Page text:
Miners are able to set up “rigs” in their homes, though bandwidth regulations by internet distributors are making it difficult. For Bradley, he would meet people at his neighbourhood Tim Hortons to buy and sell Bitcoins prior to setting up Bitcoin Brains.

“People should only care about Bitcoin if they care about money,” says Bradley and he also says people should take the time to learn about it.

U of C club: “Bitcoin is the future”

Diego Caceres-Soto: What is Bitcoin? from MRU Journalism and Broadcasting on Vimeo.

“Cryptocurrency is potentially one of the most disruptive technologies since the wheel or the Internet. This is a serious overhaul of how we structure data, and communicate that data over a network.”

Diego Caceres-Soto is a fourth-year accounting student at the University of Calgary involved in creating a club centred on educating those who want to know more about cryptocurrencies and blockchain technology.

Caceres-Soto says he initially dismissed the idea of Bitcoin because of how foreign many of the processes sounded. However, he now says it’s important for students to understand the technology to potentially better equip themselves.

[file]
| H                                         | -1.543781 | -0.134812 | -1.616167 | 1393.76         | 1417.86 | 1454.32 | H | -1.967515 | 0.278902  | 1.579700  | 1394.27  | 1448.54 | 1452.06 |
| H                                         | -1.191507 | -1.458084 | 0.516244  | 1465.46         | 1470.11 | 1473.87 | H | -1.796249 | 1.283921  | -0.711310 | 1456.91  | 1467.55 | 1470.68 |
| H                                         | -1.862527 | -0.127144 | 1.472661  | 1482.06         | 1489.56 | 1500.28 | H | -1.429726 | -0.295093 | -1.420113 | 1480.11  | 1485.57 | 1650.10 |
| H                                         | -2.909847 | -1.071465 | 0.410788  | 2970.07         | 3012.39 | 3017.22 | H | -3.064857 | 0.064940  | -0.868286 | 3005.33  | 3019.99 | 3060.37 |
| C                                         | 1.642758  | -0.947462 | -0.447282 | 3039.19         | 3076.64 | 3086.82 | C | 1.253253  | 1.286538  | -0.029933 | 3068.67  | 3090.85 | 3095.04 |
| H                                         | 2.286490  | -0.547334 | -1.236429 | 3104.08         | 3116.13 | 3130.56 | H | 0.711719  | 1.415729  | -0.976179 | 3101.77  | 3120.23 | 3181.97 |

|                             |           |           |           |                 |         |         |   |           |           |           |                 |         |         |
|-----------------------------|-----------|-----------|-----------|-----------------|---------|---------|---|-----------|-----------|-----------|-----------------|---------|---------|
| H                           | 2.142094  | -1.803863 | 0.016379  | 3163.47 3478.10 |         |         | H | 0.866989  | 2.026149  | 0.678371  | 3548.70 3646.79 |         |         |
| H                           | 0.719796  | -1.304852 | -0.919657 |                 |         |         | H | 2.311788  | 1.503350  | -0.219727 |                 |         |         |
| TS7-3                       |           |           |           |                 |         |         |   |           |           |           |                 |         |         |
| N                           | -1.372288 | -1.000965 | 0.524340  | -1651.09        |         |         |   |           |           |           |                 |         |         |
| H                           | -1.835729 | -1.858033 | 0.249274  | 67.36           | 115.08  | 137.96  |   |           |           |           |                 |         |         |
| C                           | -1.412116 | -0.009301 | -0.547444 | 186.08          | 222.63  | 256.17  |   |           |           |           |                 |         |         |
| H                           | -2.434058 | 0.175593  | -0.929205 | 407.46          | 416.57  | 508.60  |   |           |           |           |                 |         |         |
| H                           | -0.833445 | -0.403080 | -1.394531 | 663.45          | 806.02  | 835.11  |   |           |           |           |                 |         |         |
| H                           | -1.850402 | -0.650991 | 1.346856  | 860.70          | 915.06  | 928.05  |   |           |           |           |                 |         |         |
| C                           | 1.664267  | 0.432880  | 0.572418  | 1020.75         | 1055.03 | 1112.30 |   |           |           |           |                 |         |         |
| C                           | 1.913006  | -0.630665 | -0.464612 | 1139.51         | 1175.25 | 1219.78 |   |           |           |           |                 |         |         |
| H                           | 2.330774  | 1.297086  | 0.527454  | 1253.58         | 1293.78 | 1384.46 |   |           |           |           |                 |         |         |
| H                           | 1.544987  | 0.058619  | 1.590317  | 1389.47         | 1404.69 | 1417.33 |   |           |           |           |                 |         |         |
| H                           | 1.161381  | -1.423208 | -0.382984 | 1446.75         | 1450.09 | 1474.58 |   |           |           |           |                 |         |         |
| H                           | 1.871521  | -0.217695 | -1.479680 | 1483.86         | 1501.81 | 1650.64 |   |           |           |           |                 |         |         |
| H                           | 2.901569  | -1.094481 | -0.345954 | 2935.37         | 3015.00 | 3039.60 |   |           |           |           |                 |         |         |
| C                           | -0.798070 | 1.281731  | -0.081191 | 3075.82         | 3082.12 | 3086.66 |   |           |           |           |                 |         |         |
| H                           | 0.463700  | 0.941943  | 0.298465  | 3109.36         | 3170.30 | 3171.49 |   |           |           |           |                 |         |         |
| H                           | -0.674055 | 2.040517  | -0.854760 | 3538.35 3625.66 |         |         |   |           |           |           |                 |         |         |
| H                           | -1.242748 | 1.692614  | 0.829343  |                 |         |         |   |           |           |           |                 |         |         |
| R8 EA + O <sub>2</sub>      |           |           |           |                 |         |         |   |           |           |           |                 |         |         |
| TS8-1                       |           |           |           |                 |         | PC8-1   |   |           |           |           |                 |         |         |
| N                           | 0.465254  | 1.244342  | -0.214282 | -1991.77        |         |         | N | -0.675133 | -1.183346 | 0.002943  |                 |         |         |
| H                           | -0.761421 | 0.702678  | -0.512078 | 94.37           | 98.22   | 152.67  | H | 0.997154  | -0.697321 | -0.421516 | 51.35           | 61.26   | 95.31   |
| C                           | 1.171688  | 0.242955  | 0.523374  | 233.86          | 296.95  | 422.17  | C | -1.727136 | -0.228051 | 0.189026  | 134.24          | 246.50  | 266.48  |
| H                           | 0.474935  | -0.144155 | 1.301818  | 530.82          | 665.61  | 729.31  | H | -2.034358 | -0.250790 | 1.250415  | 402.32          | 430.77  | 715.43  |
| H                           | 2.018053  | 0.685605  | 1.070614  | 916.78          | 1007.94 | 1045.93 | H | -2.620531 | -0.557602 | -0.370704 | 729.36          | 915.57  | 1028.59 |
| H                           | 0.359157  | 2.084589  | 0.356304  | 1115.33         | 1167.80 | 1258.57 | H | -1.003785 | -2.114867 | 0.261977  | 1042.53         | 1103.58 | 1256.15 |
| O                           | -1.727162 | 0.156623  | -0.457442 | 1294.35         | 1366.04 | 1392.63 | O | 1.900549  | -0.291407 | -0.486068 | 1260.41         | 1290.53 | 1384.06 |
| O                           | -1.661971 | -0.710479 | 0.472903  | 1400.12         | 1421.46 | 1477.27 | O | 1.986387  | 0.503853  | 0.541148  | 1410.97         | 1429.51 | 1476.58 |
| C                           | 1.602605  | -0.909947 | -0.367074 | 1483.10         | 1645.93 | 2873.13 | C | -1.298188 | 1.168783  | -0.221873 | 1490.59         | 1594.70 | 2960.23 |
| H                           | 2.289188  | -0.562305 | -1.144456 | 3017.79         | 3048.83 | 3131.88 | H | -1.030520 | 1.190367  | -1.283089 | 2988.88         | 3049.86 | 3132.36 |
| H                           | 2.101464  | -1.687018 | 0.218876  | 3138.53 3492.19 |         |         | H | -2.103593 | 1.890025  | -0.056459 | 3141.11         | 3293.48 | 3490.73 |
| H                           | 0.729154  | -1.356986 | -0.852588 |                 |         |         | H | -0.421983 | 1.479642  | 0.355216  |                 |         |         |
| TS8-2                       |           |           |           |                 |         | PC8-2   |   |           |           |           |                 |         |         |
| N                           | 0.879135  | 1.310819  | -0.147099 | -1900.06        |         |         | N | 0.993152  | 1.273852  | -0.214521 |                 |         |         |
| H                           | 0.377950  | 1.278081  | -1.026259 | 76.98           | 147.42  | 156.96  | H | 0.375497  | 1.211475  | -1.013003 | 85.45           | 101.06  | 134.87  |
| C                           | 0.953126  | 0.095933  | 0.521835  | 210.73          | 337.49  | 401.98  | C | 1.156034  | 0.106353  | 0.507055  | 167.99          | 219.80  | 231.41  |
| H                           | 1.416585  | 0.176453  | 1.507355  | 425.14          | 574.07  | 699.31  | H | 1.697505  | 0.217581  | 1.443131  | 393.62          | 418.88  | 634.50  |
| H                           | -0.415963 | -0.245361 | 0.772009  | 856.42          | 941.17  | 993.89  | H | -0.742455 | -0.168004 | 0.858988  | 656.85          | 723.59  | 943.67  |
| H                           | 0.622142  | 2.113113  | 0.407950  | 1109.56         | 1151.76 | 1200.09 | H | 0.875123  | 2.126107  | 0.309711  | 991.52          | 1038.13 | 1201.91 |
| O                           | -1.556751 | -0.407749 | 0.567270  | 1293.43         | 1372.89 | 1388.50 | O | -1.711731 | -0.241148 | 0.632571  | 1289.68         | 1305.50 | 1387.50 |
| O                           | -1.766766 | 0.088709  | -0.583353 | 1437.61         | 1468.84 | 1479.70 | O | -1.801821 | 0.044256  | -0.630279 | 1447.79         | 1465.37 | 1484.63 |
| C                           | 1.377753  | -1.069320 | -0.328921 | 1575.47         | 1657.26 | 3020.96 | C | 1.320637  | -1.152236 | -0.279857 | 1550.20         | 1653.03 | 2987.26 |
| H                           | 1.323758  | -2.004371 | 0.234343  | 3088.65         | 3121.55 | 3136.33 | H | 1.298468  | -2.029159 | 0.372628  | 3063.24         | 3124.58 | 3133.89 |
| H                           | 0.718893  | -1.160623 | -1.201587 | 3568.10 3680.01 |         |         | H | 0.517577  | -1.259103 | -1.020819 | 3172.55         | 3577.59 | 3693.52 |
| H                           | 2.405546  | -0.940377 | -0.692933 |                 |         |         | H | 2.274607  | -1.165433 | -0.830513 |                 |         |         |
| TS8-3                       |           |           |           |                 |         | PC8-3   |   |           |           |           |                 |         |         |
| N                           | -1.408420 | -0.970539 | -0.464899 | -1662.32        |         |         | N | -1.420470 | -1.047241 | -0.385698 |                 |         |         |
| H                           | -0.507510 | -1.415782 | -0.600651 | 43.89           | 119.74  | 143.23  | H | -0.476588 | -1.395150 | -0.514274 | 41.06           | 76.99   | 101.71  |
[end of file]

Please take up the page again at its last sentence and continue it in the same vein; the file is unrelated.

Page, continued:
“I think that every student, at some point in the near future – perhaps three or four years – will be dealing with a cryptocurrency in some fashion,” says Caceres-Soto, adding that increased utilization of blockchain technology could affect everything from buying merchandise at a concert to voting in elections.

“We’re in an internet age and our currency is still a primitive, centralized, destructible, counterfeit-able, tangible asset,” says Caceres-Soto.

“Cryptocurrency is potentially one of the most disruptive technologies since the wheel or the Internet. This is a serious overhaul of how we structure data, and communicate that data over a network.”

The Bitcoin Club’s goal is to provide workshops so students understand the potential of these new technologies. Caceres-Soto says they also need to understand potential issues.